In your opinion, which blogs do the least spinning / report most accurately?

I think Belmont Club is good in that respect. So is Steve Vincent's In the Red Zone. At one time Andrew Sullivan was, but then he went off the deep end.

Depending upon the subject, Kevin Drum has been objective. I liked Michele Malkin's angry reaction to the "payola" stories of conservative journalists taking money from the administration. She's very controversial, but she'll rip into Bush just as quickly as she will into a liberal. If you've read her case for internment, it's hard to argue with her research.

I think Donald Sensing is pretty objective as well. Some others that come to mind are Roger Simon, Instapundit, Arthur Chrenkoff and Michael Totten.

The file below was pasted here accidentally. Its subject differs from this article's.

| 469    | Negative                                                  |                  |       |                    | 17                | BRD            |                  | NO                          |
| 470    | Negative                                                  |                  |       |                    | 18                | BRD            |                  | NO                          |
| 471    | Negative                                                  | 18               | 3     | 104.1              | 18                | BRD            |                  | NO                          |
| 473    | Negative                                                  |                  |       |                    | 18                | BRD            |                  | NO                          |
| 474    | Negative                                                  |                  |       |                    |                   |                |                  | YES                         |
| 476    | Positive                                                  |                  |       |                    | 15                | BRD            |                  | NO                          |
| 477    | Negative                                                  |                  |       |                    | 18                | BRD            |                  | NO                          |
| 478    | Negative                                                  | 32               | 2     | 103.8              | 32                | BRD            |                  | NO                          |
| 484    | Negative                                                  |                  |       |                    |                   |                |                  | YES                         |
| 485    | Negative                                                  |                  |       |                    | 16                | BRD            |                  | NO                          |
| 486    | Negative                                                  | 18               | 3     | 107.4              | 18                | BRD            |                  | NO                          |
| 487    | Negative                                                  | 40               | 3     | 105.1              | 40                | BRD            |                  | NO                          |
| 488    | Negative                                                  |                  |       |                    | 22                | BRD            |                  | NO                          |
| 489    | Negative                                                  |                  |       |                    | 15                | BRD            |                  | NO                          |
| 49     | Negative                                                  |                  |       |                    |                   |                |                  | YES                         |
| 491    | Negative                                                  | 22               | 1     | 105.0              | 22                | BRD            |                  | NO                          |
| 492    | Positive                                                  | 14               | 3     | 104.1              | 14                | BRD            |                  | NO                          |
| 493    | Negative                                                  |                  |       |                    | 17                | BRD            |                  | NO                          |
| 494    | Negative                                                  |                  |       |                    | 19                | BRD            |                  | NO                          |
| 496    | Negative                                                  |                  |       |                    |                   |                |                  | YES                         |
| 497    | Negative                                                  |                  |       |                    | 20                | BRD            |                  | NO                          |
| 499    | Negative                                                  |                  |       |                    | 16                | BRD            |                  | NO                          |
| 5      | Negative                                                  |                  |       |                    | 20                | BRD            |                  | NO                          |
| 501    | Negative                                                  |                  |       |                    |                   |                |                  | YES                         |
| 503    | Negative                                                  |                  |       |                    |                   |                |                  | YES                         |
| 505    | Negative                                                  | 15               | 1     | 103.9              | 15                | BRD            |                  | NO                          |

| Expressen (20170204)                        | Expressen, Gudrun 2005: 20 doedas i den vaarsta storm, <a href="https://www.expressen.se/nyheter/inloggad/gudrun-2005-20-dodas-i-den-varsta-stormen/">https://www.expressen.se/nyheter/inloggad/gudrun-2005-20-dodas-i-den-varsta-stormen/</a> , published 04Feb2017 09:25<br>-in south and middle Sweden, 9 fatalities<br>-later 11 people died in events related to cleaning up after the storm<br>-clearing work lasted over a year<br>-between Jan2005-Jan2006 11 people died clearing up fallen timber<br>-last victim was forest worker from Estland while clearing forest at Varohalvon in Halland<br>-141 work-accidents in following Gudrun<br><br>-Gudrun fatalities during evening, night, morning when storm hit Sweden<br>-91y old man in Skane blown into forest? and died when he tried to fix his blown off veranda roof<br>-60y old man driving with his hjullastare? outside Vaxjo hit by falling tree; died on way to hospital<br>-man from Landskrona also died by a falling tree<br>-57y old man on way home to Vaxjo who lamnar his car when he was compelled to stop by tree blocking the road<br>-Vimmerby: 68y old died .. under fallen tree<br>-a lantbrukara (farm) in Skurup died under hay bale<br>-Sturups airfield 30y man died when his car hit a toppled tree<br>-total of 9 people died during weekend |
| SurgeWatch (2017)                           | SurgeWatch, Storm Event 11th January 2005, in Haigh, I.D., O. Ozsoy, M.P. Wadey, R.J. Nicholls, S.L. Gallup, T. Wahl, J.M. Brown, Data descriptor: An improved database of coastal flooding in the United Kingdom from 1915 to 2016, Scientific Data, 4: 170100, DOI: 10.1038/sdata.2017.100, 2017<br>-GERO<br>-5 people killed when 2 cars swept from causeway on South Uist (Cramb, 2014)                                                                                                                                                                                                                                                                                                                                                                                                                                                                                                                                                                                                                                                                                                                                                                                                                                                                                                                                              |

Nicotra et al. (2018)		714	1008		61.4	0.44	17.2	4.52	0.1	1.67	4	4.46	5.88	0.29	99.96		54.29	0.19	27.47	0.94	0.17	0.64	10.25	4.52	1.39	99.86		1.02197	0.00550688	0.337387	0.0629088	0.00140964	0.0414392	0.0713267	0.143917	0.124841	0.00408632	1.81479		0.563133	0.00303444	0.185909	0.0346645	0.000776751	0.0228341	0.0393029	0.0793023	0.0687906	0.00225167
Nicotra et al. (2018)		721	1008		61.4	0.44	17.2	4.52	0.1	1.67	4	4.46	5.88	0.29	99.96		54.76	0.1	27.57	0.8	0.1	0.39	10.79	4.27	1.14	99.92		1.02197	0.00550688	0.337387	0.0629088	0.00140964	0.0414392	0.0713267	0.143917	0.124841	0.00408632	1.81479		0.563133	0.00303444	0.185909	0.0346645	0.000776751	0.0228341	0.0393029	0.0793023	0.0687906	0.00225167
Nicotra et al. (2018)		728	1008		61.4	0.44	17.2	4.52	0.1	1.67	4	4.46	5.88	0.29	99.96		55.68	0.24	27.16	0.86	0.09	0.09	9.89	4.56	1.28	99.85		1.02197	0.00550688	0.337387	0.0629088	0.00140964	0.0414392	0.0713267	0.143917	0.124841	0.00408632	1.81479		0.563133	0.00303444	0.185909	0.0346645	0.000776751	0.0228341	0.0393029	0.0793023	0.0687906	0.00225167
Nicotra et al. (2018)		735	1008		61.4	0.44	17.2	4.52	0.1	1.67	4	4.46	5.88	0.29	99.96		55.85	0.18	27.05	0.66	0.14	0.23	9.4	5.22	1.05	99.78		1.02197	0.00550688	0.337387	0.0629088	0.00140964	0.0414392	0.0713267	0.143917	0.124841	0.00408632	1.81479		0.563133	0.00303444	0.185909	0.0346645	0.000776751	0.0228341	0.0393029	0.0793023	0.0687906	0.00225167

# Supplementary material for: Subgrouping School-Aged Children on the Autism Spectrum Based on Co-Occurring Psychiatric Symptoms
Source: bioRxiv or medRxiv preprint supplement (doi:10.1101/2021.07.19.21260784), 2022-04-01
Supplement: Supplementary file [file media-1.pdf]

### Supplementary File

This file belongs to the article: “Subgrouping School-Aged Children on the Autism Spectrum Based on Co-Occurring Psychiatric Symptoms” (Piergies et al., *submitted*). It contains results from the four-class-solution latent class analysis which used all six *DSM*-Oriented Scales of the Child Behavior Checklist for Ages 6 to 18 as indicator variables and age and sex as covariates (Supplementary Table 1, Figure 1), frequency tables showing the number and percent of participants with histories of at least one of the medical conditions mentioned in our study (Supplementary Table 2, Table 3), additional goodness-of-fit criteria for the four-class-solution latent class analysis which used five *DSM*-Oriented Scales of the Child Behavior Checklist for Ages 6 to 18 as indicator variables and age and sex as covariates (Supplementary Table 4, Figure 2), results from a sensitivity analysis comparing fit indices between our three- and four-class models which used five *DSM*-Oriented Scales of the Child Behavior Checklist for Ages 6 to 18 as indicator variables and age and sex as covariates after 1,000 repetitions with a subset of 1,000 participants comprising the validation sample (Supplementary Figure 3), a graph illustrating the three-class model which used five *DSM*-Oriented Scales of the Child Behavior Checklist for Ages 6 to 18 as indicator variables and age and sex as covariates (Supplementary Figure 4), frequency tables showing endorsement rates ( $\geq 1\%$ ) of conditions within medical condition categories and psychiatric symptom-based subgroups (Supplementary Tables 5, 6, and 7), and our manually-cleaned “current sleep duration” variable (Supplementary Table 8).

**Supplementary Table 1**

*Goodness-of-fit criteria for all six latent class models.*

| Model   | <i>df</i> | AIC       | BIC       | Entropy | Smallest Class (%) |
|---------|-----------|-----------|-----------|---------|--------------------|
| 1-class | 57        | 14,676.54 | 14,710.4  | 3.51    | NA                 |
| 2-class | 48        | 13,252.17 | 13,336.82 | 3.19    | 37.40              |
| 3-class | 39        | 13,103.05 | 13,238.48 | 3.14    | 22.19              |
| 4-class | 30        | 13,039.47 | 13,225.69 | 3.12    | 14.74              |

Which MSM outlets do you find the most bias, in either direction?

Some might find this surprising, but I think NBC (not CBS or CNN) is the most liberal of all. Fox is criticized for being too conservative, but in my opinion they are much less conservative than people think. The problem is that the media leans to the left so much that the center looks like the right. NewsMax is a conservative media outlet. I can't stand to read it and haven't in some time.

Do you think blogs will ever become a part of MSM?

No. Some bloggers will be assimilated. Some may even sell out for big money. But the "real" bloggers aren't journalists. They're citizens who have "regular" jobs and blog because they love to and because they have to. Blogging is too personal (for most) to be commercial.

I think the MSM will recede in importance and blogs will become the normal way of getting news. (See my post - The Cathedral, the Bazaar and Blogs.)